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Posted on Tue, Jul. 06, 2004
GOING PRO: Unhappy at North Carolina State, forward Josh Powell was an early entry for the NBA draft a year ago. AL DIAZ/HERALD STAFF
GOING PRO: Unhappy at North Carolina State, forward Josh Powell was an early entry for the NBA draft a year ago. AL DIAZ/HERALD STAFF


Heat prospect willing to handle a risky career move

Trying for the second time to stick on an NBA roster, Heat prospect Josh Powell hopes his decision to leave college early will prove to be a wise one.

Scan the Heat's Summer League roster and you'll find players with all kinds of stories concerning their entry into the league.

There's Darius Rice, whose four years at the University of Miami probably were a few too many, hurting his status in the eyes of NBA executives.

There's Matt Freije, who improved each of his four years in college, earning him the No. 53 spot in the draft.

There's Dorell Wright, who skipped college and became a first-round pick based on his potential.

Then there's Josh Powell.

He fell somewhere between the others, caught in the middle of potential and primed. Not quite young enough to be measured strictly by ''upside,'' not quite polished enough to be considered a finished product.

He's 21, a year removed from his brief stay at North Carolina State and trying for the second time to stick on an NBA roster. So far, he's fodder for every college coach who wants to convince underclassmen to stay in school.

But by the time this summer is over, Powell hopes his decision to leave college after only two years will prove to be a wise one.

''Nobody forced me to make the decision I made,'' said Powell, a 6-9 player with the versatility to play both forward positions. 'Nobody said, `Oh, you can be drafted,' or anything. I made the decision on my own. Whether it was a mistake or a good thing, it was part of being a man and growing up.''

It seems curious that a player whose draft status was so unclear would risk his final two years of eligibility for a chance at NBA stardom. But sometimes these decisions aren't as simple as figuring out draft positions and calculating future earnings.

Powell was willing to take his chances because any setting would be more comfortable than the one at N.C. State.


Powell, from Riverdale, Ga., went to N.C. State only because his mother and stepfather preferred the school. If he had followed his heart, Powell would have attended Georgia Tech, where then-coach Bobby Cremins was churning out NBA players almost every year.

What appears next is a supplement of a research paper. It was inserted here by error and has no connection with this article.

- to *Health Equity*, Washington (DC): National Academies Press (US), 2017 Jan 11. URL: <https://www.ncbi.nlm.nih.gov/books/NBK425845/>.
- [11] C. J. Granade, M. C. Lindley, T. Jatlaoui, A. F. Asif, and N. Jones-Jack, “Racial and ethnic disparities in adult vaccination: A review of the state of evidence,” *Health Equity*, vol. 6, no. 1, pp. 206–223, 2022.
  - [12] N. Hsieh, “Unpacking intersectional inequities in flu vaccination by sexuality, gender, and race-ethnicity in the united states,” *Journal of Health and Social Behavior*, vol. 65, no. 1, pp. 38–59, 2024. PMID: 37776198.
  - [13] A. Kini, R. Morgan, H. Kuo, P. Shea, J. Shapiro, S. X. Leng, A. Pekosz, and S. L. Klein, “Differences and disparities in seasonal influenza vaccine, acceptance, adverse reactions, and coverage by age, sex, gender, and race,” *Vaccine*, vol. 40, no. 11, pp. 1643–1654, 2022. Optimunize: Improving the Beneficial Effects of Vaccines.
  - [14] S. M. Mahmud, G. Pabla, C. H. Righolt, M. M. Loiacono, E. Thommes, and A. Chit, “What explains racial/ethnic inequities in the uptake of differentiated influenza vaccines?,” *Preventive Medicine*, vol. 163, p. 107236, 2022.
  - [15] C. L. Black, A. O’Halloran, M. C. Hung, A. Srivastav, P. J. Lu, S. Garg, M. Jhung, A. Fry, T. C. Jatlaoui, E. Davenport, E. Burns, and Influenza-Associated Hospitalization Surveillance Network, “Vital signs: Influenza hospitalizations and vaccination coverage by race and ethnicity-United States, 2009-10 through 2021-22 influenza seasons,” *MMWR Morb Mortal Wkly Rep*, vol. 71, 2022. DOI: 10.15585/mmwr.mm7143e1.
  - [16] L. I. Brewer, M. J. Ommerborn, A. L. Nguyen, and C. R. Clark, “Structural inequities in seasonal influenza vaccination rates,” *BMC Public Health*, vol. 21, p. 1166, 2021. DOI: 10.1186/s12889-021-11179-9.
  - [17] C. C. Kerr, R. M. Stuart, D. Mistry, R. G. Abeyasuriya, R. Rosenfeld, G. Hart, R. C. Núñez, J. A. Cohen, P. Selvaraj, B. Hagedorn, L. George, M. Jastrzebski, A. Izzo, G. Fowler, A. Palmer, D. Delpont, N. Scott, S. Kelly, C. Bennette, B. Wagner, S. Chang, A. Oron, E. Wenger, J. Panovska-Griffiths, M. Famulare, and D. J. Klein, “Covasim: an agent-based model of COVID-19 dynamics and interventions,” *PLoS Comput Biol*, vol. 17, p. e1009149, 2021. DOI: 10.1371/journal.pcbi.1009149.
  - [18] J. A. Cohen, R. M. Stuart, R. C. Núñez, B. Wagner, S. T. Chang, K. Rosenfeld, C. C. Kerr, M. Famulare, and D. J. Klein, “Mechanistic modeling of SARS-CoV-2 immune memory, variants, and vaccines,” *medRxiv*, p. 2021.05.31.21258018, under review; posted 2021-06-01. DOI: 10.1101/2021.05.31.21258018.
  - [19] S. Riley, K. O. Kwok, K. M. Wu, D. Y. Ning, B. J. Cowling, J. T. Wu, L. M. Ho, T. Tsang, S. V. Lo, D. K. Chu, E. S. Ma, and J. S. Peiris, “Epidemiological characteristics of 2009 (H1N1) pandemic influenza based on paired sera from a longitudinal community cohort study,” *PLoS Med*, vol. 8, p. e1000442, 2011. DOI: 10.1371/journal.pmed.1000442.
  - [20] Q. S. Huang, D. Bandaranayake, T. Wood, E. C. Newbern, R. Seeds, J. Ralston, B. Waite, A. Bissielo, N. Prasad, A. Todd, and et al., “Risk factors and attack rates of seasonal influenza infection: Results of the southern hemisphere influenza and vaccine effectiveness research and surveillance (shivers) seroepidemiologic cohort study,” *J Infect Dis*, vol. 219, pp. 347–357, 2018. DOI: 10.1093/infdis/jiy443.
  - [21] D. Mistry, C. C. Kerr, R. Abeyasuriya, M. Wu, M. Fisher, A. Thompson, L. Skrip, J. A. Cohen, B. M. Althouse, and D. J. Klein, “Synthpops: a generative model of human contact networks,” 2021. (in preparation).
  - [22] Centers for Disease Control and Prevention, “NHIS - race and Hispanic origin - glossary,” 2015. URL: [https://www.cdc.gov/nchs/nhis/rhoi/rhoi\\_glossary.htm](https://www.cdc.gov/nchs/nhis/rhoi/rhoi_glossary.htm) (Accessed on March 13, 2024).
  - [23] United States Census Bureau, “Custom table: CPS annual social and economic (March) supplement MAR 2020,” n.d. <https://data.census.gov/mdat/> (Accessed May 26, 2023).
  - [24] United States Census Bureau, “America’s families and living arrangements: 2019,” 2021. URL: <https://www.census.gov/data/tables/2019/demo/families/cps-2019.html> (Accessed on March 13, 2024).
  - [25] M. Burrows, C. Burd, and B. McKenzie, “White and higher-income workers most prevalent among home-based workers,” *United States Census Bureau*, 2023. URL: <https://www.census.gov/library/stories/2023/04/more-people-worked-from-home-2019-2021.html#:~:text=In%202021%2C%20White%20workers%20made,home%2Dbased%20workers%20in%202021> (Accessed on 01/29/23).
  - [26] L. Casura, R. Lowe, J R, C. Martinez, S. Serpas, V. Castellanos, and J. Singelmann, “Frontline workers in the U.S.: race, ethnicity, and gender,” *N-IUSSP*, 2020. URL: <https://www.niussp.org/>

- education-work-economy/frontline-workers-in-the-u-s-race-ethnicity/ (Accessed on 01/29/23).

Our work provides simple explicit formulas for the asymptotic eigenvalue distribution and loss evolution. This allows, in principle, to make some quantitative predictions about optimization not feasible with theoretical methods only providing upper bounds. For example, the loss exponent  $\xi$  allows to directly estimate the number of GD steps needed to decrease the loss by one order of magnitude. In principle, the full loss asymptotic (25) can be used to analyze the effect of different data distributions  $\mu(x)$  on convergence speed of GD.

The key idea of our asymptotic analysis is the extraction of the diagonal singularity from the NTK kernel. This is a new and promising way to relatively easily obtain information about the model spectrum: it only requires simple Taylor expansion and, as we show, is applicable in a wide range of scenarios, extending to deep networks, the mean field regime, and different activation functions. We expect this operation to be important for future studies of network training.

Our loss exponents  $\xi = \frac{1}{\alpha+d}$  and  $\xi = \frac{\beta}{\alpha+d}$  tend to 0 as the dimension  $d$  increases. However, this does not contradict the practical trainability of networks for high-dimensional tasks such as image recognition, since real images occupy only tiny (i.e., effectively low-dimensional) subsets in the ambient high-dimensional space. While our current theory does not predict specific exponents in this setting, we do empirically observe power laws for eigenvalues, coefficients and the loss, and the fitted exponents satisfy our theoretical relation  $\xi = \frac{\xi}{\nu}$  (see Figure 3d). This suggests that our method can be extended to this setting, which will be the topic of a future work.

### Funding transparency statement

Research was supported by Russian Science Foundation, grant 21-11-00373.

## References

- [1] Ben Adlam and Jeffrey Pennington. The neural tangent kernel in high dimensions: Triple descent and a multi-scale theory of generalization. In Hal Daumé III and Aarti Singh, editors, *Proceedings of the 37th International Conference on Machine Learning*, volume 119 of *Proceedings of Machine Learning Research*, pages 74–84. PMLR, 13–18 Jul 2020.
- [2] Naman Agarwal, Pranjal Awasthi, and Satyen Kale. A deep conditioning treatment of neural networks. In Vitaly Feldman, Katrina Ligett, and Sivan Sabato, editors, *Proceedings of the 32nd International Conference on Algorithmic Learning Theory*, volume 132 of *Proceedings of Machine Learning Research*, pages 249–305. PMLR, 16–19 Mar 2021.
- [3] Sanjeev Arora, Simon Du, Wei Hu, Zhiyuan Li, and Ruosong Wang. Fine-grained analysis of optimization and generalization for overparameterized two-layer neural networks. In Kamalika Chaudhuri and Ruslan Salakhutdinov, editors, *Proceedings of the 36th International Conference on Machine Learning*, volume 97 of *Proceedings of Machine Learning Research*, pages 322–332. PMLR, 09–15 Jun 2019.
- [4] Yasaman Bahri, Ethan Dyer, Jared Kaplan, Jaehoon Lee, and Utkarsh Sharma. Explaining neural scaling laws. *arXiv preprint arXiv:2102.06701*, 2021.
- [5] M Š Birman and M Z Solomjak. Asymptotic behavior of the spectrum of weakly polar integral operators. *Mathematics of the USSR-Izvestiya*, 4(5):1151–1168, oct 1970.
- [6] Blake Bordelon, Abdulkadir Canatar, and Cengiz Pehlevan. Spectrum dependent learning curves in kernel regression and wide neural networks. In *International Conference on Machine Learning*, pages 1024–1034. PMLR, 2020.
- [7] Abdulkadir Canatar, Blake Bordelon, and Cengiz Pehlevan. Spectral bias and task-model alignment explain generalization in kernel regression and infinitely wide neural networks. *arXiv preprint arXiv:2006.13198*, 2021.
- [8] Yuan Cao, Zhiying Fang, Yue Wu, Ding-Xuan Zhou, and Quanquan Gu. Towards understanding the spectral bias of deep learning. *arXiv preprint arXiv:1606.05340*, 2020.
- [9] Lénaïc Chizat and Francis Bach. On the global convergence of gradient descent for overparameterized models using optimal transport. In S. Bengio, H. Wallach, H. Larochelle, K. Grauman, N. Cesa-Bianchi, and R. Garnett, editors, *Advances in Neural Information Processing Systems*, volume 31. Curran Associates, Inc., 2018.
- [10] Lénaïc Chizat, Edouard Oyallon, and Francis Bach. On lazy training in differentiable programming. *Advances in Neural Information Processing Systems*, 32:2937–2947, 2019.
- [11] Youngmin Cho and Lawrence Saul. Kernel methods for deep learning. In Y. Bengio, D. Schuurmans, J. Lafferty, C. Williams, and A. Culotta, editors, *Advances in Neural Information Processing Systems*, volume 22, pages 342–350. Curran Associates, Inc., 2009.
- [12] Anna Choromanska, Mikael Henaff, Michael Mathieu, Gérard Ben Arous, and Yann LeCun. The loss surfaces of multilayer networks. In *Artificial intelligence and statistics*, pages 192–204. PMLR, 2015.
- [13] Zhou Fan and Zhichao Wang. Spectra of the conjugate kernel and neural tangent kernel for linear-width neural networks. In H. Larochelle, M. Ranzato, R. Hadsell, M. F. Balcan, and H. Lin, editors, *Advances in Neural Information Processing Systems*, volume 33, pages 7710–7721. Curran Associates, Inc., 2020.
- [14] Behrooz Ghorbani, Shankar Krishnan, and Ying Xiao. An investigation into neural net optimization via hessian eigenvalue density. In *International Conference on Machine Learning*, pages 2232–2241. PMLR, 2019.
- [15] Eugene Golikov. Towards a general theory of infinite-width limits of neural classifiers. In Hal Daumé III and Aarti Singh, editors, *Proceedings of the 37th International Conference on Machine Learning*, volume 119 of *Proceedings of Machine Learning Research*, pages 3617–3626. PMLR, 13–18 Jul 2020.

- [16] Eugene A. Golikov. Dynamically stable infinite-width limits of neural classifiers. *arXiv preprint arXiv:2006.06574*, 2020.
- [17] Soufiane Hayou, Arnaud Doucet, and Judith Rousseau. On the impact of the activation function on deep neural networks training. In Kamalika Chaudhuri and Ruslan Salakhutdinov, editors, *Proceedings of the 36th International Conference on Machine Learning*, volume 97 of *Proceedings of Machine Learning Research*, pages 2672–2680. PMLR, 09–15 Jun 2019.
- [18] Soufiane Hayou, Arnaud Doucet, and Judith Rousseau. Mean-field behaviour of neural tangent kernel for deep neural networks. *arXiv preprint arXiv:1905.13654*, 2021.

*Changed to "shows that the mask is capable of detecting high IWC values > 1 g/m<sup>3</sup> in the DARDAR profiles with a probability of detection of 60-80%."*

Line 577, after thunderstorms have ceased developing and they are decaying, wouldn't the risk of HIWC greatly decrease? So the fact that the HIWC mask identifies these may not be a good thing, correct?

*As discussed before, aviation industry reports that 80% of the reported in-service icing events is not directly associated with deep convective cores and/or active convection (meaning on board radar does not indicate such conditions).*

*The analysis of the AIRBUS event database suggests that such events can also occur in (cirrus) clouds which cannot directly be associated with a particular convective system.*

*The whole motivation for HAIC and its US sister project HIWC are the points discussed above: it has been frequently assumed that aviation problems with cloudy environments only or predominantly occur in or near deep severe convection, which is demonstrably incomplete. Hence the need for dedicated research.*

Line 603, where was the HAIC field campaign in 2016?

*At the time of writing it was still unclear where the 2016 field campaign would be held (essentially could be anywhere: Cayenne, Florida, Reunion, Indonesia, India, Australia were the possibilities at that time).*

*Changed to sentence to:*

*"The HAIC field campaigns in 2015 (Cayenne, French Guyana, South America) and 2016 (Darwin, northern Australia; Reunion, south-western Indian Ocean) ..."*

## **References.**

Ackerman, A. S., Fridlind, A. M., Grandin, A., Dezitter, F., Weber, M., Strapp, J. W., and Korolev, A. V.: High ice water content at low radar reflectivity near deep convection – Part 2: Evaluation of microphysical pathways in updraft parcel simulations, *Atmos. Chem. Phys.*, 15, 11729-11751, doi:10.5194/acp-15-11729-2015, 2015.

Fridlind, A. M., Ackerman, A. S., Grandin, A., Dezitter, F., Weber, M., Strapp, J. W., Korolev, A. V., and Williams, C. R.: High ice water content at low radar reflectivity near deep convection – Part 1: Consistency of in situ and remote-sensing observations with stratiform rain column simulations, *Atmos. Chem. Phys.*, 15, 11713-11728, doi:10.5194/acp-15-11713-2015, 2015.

Powell says he entered N.C. State with an open mind, but he never felt like the program had its priorities in order. Though Powell never mentioned the player by name, it seemed to him that the team was catering to blue-chipper Julius Hodge, and Powell was taking the lumps that came with it.

''Say you have a big-name player, and at the school it's all about this guy, but you've got other players with potential, or even what they already do is more productive,'' Powell said. 'We just had a lot of stuff going on with the team internally that wasn't positive for us. At one point in time I was about to say, `I don't want to play basketball anymore.' And I knew I shouldn't be feeling like this.''

So, after his sophomore year -- and after scoring 26 points in the Atlantic Coast Conference tournament title game and earning all-tournament honors -- Powell declared for the draft, with no guarantees he would be selected.

Initially, it looked like he made the right choice. Powell's predraft workouts went well, and he drew interest from the Heat.

But after Miami selected Jerome Beasley with the No. 33 pick, Powell realized his chances were slim.

''I stopped watching it after like [No.] 35,'' Powell said. 'My family was like, `It's OK,' and they started praying for me.''

Powell landed on the Dallas Mavericks' Summer League roster and was invited to the team's veteran camp. He was the last cut after he declined an unprecedented six-year, nonguaranteed contract.

He then spent two weeks in Russia before landing on an Italian Superleague team, for which he averaged 14.1 points and 8.3 rebounds.

All the while, the Heat kept a close eye on him.

''He's very athletic, he's a very good rebounder,'' Heat general manager Randy Pfund said. ``We think he's a little more of a [small forward] because he shoots the ball pretty well from three-point range.

``I just think he's one of those guys who will eventually be in our league. It's just a matter of whether you can fit him in on your roster and what you have.''


It would seem the Heat, which is overloaded with players who can play both forward positions, is an improper fit for Powell. But with Lamar Odom playing his best at power forward and Rasual Butler now projected as a shooting guard, there is an opening for someone to play behind Caron Butler at small forward.

That's where Powell, a freakish athlete with a quality low-post game, hopes to slide in. Heat assistant coach Bob McAdoo, who is running the Summer League team, likes what he has seen of Powell.

''Josh has been a pleasant surprise,'' McAdoo said. ``I like his aggressiveness. His outside shot is not all the way there yet, but we can possibly get him in a mismatch. He is really a battler down low, he runs good on the break and he's our best rebounder right now in camp.''

A year later, Powell's decision to leave school is looking less questionable.

''I made that decision and I'm living with it,'' he said. ``I don't regret it because I've learned a lot and I've grown as a person. I won't trade it in for anything else.''

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